Years ago, I was someone who, when visiting friends or family members, wouldn’t bring a gift, offer to take my hosts out for a meal, chip in for groceries, or even help wash the dishes. I didn’t know it then, but I had a poverty consciousness—never believing I had enough energy, time, or money to share.

That started to change one day at a café I visited regularly. As I was leaving, a newspaper rolled up in my hand, one of the baristas stopped me. “We don’t want you to come back here,” he said. “You’re not welcome.”

“Why not?” I asked, baffled.

“That’s our New York Times you’re walking off with,” he said.

I explained that the newspaper belonged to another customer who offered it to me after he finished with it.

The barista said he didn’t believe me. Besides, he pointed out, I never ordered anything.

I felt awful. It was painful and embarrassing to be told to not return, but I had to admit he had a point; I never ordered anything. I rationalized my stance: The price of tea was outrageous, so I’d ask for a mug of hot water and bring my own tea bag.

I didn’t stop there. Rather than buy a pastry, I’d take a few scone pieces the café would put on the counter for sampling. I’d even go back to sneak a few more, hoping I wouldn’t be noticed.

You’re a scrounger, I said to myself. As I thought more, I realized I thought I was somehow exceptional—that I didn’t have to play by society’s rules. But now that I was denied admission, I felt like an outsider, and I longed to be included.

An Attitude of Gratitude

That night, I sat at home mulling over the day. I wanted to feel included, but was I willing to change? My habits felt so deep-seated, I wasn’t sure I could.

A friend called a few minutes later to invite me to join her at a Unity church. I had never heard of it, but I decided to give it a try. This was the first time I would hear the words prosperity consciousness.

“We can only have what we are willing to give away,” the minister said during the service.

This confused me. That idea went against the way I’d been living. When the donation basket came around, I passed it on to the next person thinking, Why should I give any money? Still, I was intrigued by the messages, and I kept attending.

At another service, the minister encouraged us to give “willingly, cheerfully, joyfully, lovingly.” He said if he was not feeling positive about writing a check, he would wait until he did. The next time I sat down to write a check, I made sure I was in a positive mood and wrote “Thank you” on it, feeling an unfamiliar lightness as I did.

Giving is my practice, my growing edge, and I’m not sure I’ll ever be effortlessly generous. But developing a prosperity consciousness has changed me.

I learned about giving—not just money, but also talent and time. The church asked for volunteers to help at a local Habitat for Humanity project. I signed up. I felt awkward at first, but I started having fun helping build a house.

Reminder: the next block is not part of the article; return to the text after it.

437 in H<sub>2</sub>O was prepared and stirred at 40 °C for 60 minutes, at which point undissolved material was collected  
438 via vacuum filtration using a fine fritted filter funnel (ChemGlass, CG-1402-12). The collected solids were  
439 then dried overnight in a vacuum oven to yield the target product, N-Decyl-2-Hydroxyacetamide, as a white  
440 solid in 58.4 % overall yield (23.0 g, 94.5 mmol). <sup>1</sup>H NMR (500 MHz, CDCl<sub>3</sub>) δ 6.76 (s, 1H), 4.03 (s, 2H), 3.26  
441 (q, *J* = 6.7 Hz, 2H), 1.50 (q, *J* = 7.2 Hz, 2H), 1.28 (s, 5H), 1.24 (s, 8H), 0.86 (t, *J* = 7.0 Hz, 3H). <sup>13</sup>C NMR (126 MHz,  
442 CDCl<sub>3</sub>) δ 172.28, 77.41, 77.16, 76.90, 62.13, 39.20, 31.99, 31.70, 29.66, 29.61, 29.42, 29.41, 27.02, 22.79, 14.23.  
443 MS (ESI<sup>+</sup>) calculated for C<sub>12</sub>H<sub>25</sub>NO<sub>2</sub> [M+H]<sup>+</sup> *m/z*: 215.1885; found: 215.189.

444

At the end of the day, tears came to my eyes when the mom of the family who would live there thanked us for our work. I was moved by her reaction, but also because I had been part of the team that made it happen.

Months later, I returned to the café, relieved to not see the barista who had banished me. After ordering a coffee, I skipped the newspaper in favor of writing in my journal. “I bought coffee. It’s okay for me to sit here. I’m legit. I belong.” I felt so good that before leaving, I put a tip in the jar. And that week, I donated at church for the first time.

The Growing Edge of Generosity

My introduction to prosperity teachings was more than 20 years ago, but little by little they have changed me. A recent experience showed me how much. As I washed my hands in an airport restroom, I saw a uniformed custodian at work and had a sudden impulse to tip her. I hesitated, wondering if she might be offended by the gesture. I decided to ask her directly rather than thrust money into her hand.

“I really appreciate the work you do,” I said. “Would it be okay to give you a tip?”

“Yes, thank you,” she said.

I opened my wallet and started to give her a dollar bill. But what use is one little dollar? I thought.

Okay, five, then. But my fingers had another idea. Out came a 10. When I handed it to her, she smiled broadly. I went on my way to my gate, with a spring in my step, murmuring willingly, cheerfully, joyfully, lovingly.

Giving is my practice, my growing edge, and I’m not sure I’ll ever be effortlessly generous. But developing a prosperity consciousness has changed me. I know I can not only give—I can give with joy.

About the Author

Louisa Rogers is a writer who specializes in spirituality, travel, and physical and psychological health. She divides her life between Eureka, California, and Guanajuato, Mexico. Learn more at

Louisa Rogers


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